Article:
Why do I have to take my teeth out at night? I’ve always worn my dentures to sleep.
Your gums, or periodontia, are made of bone, nerves, arteries, veins, connective tissue, and skin. The bone was created and engineered to support natural teeth, which are held in by millions of tiny “cables”. These cables, called the periodontal ligament, suspend each tooth in the tooth sockets. Each of these cables pulls and tugs on the bone during chewing to strengthen the bone, to stimulate the flow of blood and nutrients to the tooth and surrounding tissues, and to protect the tooth and bone from excess forces. A special reflex mechanism tells the chewing muscles to lighten pressure or shift forces to other teeth, which is how we can determine how tough or soft the food is that we chew.
When all of the natural teeth are removed, as is the case for those who wear complete dentures, the periodontal ligament no longer exists. Therefore, the bone and accompanying tissues are not stimulated nearly as much as when teeth were present. As occurs in any bone with decreased use, atrophy (“shrinking”) occurs to the bones of the jaws. Even with very properly made and well-fitted dentures, this bone shrinking continues throughout life.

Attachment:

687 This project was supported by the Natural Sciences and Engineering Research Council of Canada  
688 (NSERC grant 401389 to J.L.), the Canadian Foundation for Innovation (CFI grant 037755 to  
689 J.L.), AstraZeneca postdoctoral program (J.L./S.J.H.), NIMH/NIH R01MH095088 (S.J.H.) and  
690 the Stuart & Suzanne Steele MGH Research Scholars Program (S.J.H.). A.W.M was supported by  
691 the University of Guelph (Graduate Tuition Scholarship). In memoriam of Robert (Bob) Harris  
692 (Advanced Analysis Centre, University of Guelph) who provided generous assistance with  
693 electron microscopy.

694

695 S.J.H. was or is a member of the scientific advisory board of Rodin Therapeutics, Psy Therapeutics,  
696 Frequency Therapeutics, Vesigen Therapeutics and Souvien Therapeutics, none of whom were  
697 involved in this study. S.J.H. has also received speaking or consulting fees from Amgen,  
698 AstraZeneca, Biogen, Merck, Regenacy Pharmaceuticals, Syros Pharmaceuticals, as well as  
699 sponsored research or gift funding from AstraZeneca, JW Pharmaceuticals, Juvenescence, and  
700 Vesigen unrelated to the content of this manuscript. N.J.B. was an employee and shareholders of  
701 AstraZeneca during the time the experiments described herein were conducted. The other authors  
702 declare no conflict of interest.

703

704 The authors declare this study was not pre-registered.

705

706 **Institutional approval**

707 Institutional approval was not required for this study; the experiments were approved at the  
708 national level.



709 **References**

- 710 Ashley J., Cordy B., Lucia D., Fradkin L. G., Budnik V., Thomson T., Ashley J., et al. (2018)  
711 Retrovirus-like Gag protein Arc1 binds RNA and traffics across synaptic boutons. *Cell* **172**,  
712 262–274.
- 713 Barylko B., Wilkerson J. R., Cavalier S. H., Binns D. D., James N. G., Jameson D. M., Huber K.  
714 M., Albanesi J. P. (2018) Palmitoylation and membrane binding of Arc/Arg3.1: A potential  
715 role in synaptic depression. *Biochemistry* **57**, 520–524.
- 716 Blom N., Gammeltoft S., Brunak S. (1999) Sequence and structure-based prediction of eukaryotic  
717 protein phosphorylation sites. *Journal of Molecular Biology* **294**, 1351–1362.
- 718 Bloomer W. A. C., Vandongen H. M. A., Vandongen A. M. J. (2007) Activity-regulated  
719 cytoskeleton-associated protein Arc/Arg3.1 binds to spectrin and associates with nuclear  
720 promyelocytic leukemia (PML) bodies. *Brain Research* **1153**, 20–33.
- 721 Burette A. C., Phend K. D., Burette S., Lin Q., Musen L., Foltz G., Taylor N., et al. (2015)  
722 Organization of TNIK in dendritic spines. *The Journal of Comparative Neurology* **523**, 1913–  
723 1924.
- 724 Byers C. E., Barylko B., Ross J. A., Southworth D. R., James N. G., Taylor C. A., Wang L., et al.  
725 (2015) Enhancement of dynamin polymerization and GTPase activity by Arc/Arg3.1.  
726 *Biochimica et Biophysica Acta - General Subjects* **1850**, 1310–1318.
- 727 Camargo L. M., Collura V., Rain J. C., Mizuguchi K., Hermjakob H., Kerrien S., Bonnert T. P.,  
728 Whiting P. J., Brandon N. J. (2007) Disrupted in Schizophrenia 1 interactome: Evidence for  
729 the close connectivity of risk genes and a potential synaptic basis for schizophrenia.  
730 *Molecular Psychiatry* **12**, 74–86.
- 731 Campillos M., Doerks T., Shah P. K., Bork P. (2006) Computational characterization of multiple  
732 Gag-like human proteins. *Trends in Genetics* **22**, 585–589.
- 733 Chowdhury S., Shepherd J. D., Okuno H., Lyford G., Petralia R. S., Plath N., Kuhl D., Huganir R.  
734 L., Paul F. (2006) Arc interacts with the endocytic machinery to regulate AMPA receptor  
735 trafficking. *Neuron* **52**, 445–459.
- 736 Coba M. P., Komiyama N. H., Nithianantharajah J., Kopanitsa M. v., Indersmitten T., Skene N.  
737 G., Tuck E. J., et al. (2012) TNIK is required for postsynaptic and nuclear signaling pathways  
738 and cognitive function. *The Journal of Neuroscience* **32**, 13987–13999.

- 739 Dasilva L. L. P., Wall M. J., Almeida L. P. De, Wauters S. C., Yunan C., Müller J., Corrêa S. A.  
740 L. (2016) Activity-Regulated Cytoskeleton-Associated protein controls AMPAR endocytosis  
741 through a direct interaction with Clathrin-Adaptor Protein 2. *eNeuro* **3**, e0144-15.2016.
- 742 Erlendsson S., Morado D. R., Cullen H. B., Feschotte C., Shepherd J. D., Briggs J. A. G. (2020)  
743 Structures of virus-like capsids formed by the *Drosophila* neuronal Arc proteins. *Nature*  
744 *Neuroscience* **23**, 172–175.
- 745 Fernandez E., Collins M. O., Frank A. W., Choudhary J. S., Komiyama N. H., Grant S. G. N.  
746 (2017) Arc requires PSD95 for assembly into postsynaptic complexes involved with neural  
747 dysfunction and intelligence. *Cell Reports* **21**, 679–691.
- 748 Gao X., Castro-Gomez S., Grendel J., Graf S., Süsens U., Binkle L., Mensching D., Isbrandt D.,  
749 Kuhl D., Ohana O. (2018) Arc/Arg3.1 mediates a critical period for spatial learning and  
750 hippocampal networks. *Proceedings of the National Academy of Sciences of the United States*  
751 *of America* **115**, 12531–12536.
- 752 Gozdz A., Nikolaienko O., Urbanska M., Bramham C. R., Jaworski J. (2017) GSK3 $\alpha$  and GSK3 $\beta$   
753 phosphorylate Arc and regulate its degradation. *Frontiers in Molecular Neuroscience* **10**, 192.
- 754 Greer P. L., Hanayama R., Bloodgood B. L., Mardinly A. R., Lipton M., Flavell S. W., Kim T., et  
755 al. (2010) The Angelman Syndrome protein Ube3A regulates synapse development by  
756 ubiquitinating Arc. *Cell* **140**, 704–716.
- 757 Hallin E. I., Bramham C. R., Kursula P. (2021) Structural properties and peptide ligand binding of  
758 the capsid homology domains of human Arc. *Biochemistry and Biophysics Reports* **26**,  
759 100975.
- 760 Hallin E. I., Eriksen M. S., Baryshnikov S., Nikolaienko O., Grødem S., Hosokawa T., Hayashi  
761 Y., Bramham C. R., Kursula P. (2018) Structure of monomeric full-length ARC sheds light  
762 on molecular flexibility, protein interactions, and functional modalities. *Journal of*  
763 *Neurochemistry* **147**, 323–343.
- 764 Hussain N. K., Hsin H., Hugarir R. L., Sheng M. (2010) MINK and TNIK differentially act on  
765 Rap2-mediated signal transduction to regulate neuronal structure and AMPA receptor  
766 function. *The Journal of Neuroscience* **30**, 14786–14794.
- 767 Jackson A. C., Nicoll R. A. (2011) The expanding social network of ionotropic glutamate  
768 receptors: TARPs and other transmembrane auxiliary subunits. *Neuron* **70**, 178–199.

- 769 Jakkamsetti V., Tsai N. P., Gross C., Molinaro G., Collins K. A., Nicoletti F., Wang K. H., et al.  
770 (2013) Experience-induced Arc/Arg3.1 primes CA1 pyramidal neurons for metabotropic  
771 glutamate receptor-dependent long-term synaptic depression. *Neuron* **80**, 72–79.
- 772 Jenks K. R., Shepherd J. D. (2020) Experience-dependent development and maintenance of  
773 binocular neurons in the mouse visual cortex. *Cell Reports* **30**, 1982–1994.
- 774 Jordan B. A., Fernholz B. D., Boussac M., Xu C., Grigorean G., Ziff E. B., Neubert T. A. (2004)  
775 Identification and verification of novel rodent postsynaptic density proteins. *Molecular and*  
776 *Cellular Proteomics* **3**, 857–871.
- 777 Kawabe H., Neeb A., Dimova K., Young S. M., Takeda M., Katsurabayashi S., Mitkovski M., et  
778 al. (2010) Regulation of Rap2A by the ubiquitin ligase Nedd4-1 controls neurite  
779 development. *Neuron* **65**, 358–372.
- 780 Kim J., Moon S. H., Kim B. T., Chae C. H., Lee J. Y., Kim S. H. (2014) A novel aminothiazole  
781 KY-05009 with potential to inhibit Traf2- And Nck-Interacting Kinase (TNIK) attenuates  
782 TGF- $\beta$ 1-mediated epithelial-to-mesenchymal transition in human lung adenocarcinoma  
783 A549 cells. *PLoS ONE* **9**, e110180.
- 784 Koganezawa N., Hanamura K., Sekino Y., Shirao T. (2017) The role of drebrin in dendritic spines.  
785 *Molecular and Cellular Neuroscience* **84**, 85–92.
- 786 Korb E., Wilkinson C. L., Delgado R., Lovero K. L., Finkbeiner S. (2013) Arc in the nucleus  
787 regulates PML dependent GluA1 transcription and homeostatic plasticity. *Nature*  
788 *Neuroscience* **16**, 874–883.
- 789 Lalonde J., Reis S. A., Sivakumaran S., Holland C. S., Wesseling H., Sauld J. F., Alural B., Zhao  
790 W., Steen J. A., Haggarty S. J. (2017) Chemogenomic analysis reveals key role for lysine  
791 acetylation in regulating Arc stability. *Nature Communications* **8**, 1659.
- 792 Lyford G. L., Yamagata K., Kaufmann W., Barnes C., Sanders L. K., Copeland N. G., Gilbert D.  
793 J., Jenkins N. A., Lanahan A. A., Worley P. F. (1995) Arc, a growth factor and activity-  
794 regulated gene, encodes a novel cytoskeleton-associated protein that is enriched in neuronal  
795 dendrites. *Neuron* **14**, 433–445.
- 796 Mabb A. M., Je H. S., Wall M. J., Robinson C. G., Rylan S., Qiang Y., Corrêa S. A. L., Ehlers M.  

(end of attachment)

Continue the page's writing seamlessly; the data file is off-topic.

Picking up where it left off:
Since dentures depress the gum tissues when they are in place, blood supply to the skin is also reduced. Just as bed sores occur in hospitals when patients can’t move regularly, again because of hindered circulation to the skin, the tissues of the mouth deteriorate with prolonged denture wearing without at least 8 hours of relief per day. This is why so many of the patients that we see have very sore, irritated mouths with very frail skin, especially on the roof of their mouths. A secondary problem that can occur from not taking your dentures out at night is yeast. Yeast, candida albicans, loves to grow in warm, dark, and moist environments. It is slow growing and requires relatively long periods to develop. What better place for yeast to grow than underneath a denture that hasn’t been removed all day?
The solution: Remove your dentures every night before you go to bed and clean them thoroughly. If you notice any sore spots, red or white areas on the roof of your mouth, or if your dentures are loose, it is very wise to seek the advice of a dentist who is well-trained in denture care. Poorly fitting dentures can increase the speed of bone shrinking, and many of these “sores” may indicate other more severe conditions like malnutrition or cancer.